});
    groups = new APPItem<WQ.IKOQGroup>({
        /* init data */
    });
    questions = new APPItem<WQ.IKOQuestion>({
        /* init data */
    });
    model: WQ.IQuestionaireConfig;
    constructor(model?: WQ.IQuestionaireConfig) {
        if (model)
            this.load(model);
    }
    load(model: WQ.IQuestionaireConfig) {
        /** set up data, extends exchange data **/
    }
} 

All my server proxy methods return a jQuery deferred which I can act upon its return with the .then() method. I then set the Knockout model for the page by invoking my server proxy and binding the result.

declare var pserver: WQ.QuestionaireApiProxy;
$(document).ready(function () {
    pserver.GetQConfig(null).then(
        function (data: WQ.IQuestionaireConfig) {
            var model = new APPModel(data);
            ko.applyBindings(model);
        }
        , onGenericAjaxFail);
}); 

Remark all my editing method are in the root APPModel object. To access them in all the template I use the KO property “$root” which is the model set by the user on that location (as opposed to the current model “$data”, in case of recursive template use).

And display the editing column using bootstrap grid and knockout template.

<div class="row rpadded">
    <div class="col-md-4 qsection" data-bind="template: { name: 'template-column', data: questionaires }"></div>
    <div class="col-md-4 qsection" data-bind="template: { name: 'template-column', data: groups }"></div>
    <div class="col-md-4 qsection" data-bind="template: { name: 'template-column', data: questions }"></div>
</div>

At the top there are three columns set up with bootstrap grid layout (class: “row”, “col-md-4”) each with an identical knockout template (data-bind: template: name) of my column data (“questionnaires”, “groups”, “questions”)

Finally the UI looks like that, reusable template marked in red:

Questionnaire Templates

The template for editing the items might depends on the item, so instead of being a string it’s a function (returning a string) in APPModel (which I access with “$root”).

Every button call an action on my model, which update the data model which automatically update the UI.

For example here is how “+” button is handled:

<button type="button" class="btn btn-default navbar-btn" data-bind="click: function () { $root.addItem(id); }">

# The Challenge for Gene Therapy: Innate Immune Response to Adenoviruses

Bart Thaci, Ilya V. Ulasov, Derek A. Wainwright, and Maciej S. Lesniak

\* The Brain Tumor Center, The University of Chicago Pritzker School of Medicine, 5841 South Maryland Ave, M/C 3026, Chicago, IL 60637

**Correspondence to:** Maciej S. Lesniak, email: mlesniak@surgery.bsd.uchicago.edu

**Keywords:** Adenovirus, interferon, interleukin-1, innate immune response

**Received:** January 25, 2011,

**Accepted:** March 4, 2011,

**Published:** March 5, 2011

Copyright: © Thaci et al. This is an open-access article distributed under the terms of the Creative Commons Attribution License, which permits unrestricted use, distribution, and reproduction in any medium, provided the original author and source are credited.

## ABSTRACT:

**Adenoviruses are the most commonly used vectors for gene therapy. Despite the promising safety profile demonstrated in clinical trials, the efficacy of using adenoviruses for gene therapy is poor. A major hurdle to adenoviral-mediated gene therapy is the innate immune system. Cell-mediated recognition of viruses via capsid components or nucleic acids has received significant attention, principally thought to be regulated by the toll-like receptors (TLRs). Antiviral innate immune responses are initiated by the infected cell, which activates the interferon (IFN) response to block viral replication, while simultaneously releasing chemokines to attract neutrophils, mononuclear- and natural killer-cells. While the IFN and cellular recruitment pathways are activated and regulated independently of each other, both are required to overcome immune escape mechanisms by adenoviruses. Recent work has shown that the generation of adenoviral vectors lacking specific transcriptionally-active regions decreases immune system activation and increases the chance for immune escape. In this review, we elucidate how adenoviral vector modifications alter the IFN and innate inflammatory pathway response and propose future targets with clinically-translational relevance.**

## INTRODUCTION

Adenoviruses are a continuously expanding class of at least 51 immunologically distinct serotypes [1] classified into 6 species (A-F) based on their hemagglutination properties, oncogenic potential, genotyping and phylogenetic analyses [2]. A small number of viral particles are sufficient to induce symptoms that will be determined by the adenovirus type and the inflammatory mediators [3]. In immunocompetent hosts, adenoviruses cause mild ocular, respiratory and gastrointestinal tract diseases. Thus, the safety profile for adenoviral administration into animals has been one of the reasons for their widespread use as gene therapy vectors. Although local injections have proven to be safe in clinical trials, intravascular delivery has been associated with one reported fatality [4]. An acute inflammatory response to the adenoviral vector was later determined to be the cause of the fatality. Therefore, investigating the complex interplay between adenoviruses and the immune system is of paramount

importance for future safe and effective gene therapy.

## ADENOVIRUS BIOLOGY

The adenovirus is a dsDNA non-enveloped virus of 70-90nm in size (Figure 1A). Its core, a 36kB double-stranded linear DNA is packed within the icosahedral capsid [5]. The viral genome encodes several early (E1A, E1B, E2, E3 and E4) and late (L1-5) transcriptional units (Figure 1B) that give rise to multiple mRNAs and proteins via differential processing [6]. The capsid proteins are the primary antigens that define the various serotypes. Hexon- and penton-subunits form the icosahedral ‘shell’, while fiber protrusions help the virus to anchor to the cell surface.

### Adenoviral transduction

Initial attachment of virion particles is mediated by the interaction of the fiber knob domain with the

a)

<span class="glyphicon glyphicon-plus"></span>
</button>

in data-bind I use the click binding to call a method on my control which just create a new element. All method editing the object call the server and only do their stuff if the server method is successful, hence making sure the database is always update.

addItem(id: QOType) {
    var self = this;
    var name: string;
    switch (id) {
        case this.questionaires.id:
            name = "New Questionnaire";
            pserver.CreateQuestionaire(name).then(nid => {
                var Q = new WQ.Questionaire();
                Q.ID = nid;
                Q.Name = name;
                Q.Label = name;
                self.questionaires.items.push(self.extendItemData(ko.mapping.fromJS(Q), QOType.Questionnaire));
            }, onGenericAjaxFail);
            break;
        /* other cases */
    };
} 

Finally the server method is vanilla Entity Framework code:

[HttpPost]
public int CreateQuestionaire(string nameAndLabel)
{
    using (var ctxt = QuestionaireEntities.Create())
    {
        var q = new DD.Questionaire
        {
            Name = nameAndLabel,
            Label = nameAndLabel,
        };
        ctxt.Questionaires.Add(q);
        ctxt.SaveChanges();
        return q.ID;
    }
}

Of interest in the GetQConfig() method (which returns either all questionnaire data, or only one for a particular questionnaire) which use .Future() to turn multiple EF DB query into a single database call! Behold, there is only one database call done when the method below execute:

public QuestionaireConfig GetQConfig(int? id)
{
    using (var ctxt = QuestionaireEntities.Create())
    {
        // use .Future() for performance // to have only 1 SQL query
        var questionaires = ctxt.Questionaires.Where(x => id == null || x.ID == id).Future();
        var qgroups = ctxt.QuestionaireGroups.Where(x => id == null || 
            x.Questionaire.ID == id).Future();
        var groups = ctxt.QGroups.Where(x => id == null || 
            x.QuestionaireGroups.Any(qg => qg.Questionaire.ID == id)).Future();
        var gquestions = ctxt.QGroupQuestions.Where(x => id == null || 
            x.QGroup.QuestionaireGroups.Any(qg => qg.Questionaire.ID == id)).Future();
        var questions = ctxt.Questions.Where(x => id == null || x.QGroupQuestions.Any(